Intake manifold servo motor:
Problems after installation
Newly installed servo motor giving you problems? The engine speed is fluctuating, the engine is jerking and the diagnostic trouble codes P1018, P208, P2011 and P3135 are displayed. What are the causes? How do I teach-in a new electric servo motor? Find the answers here.
- Repeated malfunctions following installation of a new servo motor
- Fluctuations in speed and jerking
- Diagnostic trouble codes P1018, P208, P2011, P3135
DO NOT FORGET TEACHING-IN!
Electric servo motors (01) ensure the fast and precise adjustment of flaps (04) on or in the intake manifold. These flaps may be: swirl flaps (inlet port shut-off), tumble flaps, resonance flaps, variable length control.
When such a component has been replaced, the control unit often has to be informed that a new part has been installed for which the old data no longer applies.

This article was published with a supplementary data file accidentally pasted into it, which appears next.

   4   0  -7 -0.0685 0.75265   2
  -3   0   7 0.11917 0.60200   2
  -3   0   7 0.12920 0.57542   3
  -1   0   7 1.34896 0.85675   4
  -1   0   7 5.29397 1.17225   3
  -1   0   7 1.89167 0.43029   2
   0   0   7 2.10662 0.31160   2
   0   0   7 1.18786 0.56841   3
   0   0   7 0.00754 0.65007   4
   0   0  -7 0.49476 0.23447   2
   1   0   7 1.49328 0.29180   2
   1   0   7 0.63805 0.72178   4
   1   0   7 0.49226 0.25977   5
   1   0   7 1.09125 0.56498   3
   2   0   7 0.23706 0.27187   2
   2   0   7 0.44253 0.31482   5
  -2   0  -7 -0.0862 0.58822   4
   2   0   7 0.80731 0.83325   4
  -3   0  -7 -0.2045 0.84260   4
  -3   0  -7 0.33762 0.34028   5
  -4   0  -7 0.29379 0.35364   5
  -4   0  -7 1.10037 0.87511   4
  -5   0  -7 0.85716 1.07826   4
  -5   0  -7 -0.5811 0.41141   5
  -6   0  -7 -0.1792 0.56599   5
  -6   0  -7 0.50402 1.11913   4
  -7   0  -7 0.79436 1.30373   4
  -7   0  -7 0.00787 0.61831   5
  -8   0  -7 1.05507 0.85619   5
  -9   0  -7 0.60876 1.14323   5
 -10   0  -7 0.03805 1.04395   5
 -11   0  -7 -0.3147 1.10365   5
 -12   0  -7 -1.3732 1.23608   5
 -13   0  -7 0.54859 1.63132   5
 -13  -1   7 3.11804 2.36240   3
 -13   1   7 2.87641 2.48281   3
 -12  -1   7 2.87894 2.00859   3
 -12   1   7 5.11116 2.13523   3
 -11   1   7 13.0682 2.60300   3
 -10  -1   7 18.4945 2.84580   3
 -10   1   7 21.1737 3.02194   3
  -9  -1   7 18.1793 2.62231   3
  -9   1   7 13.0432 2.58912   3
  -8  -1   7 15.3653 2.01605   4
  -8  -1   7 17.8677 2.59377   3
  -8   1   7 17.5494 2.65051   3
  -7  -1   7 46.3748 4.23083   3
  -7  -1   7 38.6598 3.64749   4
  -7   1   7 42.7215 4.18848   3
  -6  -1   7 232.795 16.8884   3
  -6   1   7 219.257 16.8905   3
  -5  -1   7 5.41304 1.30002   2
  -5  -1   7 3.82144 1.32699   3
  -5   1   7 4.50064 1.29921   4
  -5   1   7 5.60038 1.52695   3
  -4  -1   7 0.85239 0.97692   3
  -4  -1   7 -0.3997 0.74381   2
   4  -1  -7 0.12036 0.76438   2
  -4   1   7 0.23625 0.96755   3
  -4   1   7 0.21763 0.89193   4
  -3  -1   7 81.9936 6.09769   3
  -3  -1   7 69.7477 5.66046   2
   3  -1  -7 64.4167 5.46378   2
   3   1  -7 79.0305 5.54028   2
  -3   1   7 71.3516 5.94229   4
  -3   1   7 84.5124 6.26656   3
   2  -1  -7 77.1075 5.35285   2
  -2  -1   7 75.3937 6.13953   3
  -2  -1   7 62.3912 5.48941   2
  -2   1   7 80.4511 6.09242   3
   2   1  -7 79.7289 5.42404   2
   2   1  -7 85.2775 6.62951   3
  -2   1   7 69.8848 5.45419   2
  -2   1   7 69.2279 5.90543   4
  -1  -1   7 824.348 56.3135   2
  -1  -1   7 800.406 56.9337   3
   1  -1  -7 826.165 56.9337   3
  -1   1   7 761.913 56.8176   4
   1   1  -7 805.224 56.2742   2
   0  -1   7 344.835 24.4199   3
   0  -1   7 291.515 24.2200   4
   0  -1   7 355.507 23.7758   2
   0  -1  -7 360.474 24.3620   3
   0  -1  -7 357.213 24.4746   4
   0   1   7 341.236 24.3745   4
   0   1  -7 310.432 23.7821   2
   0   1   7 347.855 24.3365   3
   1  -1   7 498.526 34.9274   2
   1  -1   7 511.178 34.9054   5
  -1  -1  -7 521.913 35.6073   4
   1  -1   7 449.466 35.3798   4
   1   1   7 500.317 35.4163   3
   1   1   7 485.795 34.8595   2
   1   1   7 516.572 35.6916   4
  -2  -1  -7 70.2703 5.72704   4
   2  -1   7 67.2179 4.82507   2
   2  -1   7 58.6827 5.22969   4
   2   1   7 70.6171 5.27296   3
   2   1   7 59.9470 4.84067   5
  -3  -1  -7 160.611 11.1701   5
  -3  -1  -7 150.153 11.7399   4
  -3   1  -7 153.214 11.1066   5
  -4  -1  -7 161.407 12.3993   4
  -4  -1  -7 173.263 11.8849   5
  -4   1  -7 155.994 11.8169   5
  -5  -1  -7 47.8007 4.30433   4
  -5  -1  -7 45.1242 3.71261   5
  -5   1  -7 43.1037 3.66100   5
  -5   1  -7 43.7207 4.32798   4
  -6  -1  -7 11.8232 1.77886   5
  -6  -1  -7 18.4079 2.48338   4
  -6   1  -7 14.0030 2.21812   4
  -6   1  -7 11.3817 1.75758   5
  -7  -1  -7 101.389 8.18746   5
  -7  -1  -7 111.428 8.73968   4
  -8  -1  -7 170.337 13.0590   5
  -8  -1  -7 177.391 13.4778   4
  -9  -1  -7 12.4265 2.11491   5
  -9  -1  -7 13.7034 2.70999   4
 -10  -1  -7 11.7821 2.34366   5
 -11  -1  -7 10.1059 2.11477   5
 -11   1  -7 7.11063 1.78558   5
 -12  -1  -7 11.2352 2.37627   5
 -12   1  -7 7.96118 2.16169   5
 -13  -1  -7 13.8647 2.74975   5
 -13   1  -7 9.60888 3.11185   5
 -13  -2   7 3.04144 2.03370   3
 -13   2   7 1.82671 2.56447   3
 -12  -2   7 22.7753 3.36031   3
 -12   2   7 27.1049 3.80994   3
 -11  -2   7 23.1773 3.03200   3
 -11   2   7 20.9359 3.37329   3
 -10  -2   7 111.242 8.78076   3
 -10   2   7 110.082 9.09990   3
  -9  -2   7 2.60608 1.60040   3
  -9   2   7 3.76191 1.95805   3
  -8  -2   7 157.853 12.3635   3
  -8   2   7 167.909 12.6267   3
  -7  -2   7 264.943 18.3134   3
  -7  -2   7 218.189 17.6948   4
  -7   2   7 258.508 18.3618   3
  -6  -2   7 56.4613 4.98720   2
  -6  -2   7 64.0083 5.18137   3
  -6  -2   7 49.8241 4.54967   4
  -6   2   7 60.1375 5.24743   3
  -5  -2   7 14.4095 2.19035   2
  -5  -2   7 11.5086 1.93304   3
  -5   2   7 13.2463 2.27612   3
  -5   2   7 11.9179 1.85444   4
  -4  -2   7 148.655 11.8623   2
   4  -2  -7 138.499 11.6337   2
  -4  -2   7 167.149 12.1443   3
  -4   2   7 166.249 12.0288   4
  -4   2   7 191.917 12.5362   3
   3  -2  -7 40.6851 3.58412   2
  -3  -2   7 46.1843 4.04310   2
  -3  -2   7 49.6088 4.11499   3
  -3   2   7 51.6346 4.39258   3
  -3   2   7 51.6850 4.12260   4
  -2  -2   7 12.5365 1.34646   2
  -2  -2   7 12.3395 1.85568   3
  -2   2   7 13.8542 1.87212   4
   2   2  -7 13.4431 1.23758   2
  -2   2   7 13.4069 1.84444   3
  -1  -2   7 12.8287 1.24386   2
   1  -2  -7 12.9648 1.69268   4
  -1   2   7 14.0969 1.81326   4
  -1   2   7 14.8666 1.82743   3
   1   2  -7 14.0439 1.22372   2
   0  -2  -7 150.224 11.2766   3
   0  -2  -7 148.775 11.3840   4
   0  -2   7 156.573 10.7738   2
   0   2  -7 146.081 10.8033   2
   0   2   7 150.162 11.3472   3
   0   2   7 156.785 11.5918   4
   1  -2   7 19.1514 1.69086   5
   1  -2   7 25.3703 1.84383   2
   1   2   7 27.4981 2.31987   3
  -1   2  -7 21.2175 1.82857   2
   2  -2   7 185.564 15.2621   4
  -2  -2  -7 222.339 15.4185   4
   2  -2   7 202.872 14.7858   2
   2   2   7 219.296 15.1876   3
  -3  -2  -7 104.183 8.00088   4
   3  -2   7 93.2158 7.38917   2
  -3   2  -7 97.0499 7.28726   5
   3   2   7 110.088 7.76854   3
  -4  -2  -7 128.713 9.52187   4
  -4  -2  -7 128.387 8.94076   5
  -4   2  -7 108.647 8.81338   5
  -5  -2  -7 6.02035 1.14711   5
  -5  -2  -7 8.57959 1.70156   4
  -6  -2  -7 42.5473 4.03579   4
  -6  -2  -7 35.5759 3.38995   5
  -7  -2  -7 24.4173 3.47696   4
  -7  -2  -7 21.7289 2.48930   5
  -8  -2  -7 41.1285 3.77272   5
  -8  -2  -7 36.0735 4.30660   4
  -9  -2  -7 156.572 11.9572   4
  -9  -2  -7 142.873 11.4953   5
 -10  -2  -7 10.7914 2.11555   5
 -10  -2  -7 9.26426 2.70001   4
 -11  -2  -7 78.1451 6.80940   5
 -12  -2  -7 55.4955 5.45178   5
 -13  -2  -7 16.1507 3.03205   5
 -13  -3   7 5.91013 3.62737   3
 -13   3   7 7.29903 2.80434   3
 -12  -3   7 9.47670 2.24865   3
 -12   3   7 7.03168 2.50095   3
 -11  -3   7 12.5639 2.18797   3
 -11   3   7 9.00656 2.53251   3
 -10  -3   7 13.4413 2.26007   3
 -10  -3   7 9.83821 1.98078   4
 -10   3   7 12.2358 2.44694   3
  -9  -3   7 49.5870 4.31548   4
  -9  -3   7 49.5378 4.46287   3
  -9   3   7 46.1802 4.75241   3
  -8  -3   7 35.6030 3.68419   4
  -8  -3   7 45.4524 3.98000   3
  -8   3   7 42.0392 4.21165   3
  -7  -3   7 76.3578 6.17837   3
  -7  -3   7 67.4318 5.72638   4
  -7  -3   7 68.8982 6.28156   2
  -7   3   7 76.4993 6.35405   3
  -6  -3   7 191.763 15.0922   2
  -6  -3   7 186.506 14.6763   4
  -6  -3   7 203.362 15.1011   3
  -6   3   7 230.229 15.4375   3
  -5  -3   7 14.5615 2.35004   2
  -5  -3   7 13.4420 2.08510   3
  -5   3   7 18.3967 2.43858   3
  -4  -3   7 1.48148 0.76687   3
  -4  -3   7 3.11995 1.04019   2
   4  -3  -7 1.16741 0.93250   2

This teaching-in process generally occurs via the applicable program option in the menu of the engine tester. When this function is carried out, the actuator moves to the end stops and the control unit saves this data.
|Other names are: actuator and drive module|
OTHER POSSIBLE SOURCES OF FAULTS CAN BE:
Flaps are dirty or blocked
If the flaps (04) are carbonised or stuck, or blocked completely, then the mechanical resistance to move them increases. This may be detected as a fault, but only the actuator is listed as the cause in the fault code memory.
Flap bearing faulty
The bearing positions of the shaft (03) on which the flaps turn may be worn out.
Condition of the link rod
The link rod (02) between the actuator (01) and the adjusting lever of the flaps may be faulty. The following damage is possible: Spherical head is worn out; rod has play; rod is bent. In this case, too, it is only the actuator that is mentioned in the fault code memory.
In all of these cases, the only thing that often helps is the additional replacement of the intake manifold.